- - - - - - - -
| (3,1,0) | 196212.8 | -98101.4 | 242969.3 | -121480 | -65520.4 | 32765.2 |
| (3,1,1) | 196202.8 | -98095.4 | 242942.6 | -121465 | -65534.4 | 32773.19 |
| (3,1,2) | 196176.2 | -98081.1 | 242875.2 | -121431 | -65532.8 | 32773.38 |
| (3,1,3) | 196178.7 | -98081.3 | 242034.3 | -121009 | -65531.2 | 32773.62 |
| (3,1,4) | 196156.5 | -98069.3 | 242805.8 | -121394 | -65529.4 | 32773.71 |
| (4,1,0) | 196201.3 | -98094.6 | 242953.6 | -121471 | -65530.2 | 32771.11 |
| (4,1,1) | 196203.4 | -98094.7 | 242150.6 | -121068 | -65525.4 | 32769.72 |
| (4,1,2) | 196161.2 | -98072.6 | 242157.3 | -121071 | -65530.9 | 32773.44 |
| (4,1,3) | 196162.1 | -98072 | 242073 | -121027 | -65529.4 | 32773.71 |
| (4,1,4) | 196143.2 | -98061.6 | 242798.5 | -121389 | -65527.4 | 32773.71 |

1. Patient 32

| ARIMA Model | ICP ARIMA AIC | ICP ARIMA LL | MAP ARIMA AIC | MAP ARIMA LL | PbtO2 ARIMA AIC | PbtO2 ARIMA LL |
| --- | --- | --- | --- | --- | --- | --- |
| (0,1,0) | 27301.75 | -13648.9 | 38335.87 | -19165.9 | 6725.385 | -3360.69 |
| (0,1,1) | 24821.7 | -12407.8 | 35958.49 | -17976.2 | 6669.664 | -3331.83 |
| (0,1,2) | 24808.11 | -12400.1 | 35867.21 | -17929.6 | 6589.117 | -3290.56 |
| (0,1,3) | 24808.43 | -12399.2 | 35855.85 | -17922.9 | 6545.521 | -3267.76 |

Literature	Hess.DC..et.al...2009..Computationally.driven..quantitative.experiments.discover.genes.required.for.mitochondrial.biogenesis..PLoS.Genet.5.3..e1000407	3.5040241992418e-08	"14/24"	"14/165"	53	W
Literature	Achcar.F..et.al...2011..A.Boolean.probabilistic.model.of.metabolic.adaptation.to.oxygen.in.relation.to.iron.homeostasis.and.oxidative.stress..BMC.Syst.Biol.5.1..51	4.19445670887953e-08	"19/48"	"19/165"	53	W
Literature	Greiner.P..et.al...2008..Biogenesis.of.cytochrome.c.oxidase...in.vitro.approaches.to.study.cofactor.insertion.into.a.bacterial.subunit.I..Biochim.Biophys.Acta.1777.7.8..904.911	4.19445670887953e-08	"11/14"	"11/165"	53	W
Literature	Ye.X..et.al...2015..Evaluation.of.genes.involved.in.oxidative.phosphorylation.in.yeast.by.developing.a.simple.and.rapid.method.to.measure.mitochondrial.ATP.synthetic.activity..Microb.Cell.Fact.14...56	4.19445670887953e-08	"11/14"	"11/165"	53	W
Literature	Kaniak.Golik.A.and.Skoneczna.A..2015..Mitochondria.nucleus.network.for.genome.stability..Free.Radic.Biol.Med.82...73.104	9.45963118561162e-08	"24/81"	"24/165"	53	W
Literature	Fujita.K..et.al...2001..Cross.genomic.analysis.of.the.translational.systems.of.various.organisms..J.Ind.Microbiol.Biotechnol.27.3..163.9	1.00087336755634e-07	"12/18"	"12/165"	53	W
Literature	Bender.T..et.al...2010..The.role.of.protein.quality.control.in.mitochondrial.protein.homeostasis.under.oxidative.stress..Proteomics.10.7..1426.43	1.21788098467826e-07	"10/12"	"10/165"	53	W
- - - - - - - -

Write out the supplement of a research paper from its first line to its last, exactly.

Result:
| (3,1,0) | 196212.8 | -98101.4 | 242969.3 | -121480 | -65520.4 | 32765.2 |
| (3,1,1) | 196202.8 | -98095.4 | 242942.6 | -121465 | -65534.4 | 32773.19 |
| (3,1,2) | 196176.2 | -98081.1 | 242875.2 | -121431 | -65532.8 | 32773.38 |
| (3,1,3) | 196178.7 | -98081.3 | 242034.3 | -121009 | -65531.2 | 32773.62 |
| (3,1,4) | 196156.5 | -98069.3 | 242805.8 | -121394 | -65529.4 | 32773.71 |
| (4,1,0) | 196201.3 | -98094.6 | 242953.6 | -121471 | -65530.2 | 32771.11 |
| (4,1,1) | 196203.4 | -98094.7 | 242150.6 | -121068 | -65525.4 | 32769.72 |
| (4,1,2) | 196161.2 | -98072.6 | 242157.3 | -121071 | -65530.9 | 32773.44 |
| (4,1,3) | 196162.1 | -98072 | 242073 | -121027 | -65529.4 | 32773.71 |
| (4,1,4) | 196143.2 | -98061.6 | 242798.5 | -121389 | -65527.4 | 32773.71 |

1. Patient 32

| ARIMA Model | ICP ARIMA AIC | ICP ARIMA LL | MAP ARIMA AIC | MAP ARIMA LL | PbtO2 ARIMA AIC | PbtO2 ARIMA LL |
| --- | --- | --- | --- | --- | --- | --- |
| (0,1,0) | 27301.75 | -13648.9 | 38335.87 | -19165.9 | 6725.385 | -3360.69 |
| (0,1,1) | 24821.7 | -12407.8 | 35958.49 | -17976.2 | 6669.664 | -3331.83 |
| (0,1,2) | 24808.11 | -12400.1 | 35867.21 | -17929.6 | 6589.117 | -3290.56 |
| (0,1,3) | 24808.43 | -12399.2 | 35855.85 | -17922.9 | 6545.521 | -3267.76 |

Literature	Hess.DC..et.al...2009..Computationally.driven..quantitative.experiments.discover.genes.required.for.mitochondrial.biogenesis..PLoS.Genet.5.3..e1000407	3.5040241992418e-08	"14/24"	"14/165"	53	W
Literature	Achcar.F..et.al...2011..A.Boolean.probabilistic.model.of.metabolic.adaptation.to.oxygen.in.relation.to.iron.homeostasis.and.oxidative.stress..BMC.Syst.Biol.5.1..51	4.19445670887953e-08	"19/48"	"19/165"	53	W
Literature	Greiner.P..et.al...2008..Biogenesis.of.cytochrome.c.oxidase...in.vitro.approaches.to.study.cofactor.insertion.into.a.bacterial.subunit.I..Biochim.Biophys.Acta.1777.7.8..904.911	4.19445670887953e-08	"11/14"	"11/165"	53	W
Literature	Ye.X..et.al...2015..Evaluation.of.genes.involved.in.oxidative.phosphorylation.in.yeast.by.developing.a.simple.and.rapid.method.to.measure.mitochondrial.ATP.synthetic.activity..Microb.Cell.Fact.14...56	4.19445670887953e-08	"11/14"	"11/165"	53	W
Literature	Kaniak.Golik.A.and.Skoneczna.A..2015..Mitochondria.nucleus.network.for.genome.stability..Free.Radic.Biol.Med.82...73.104	9.45963118561162e-08	"24/81"	"24/165"	53	W
Literature	Fujita.K..et.al...2001..Cross.genomic.analysis.of.the.translational.systems.of.various.organisms..J.Ind.Microbiol.Biotechnol.27.3..163.9	1.00087336755634e-07	"12/18"	"12/165"	53	W
Literature	Bender.T..et.al...2010..The.role.of.protein.quality.control.in.mitochondrial.protein.homeostasis.under.oxidative.stress..Proteomics.10.7..1426.43	1.21788098467826e-07	"10/12"	"10/165"	53	W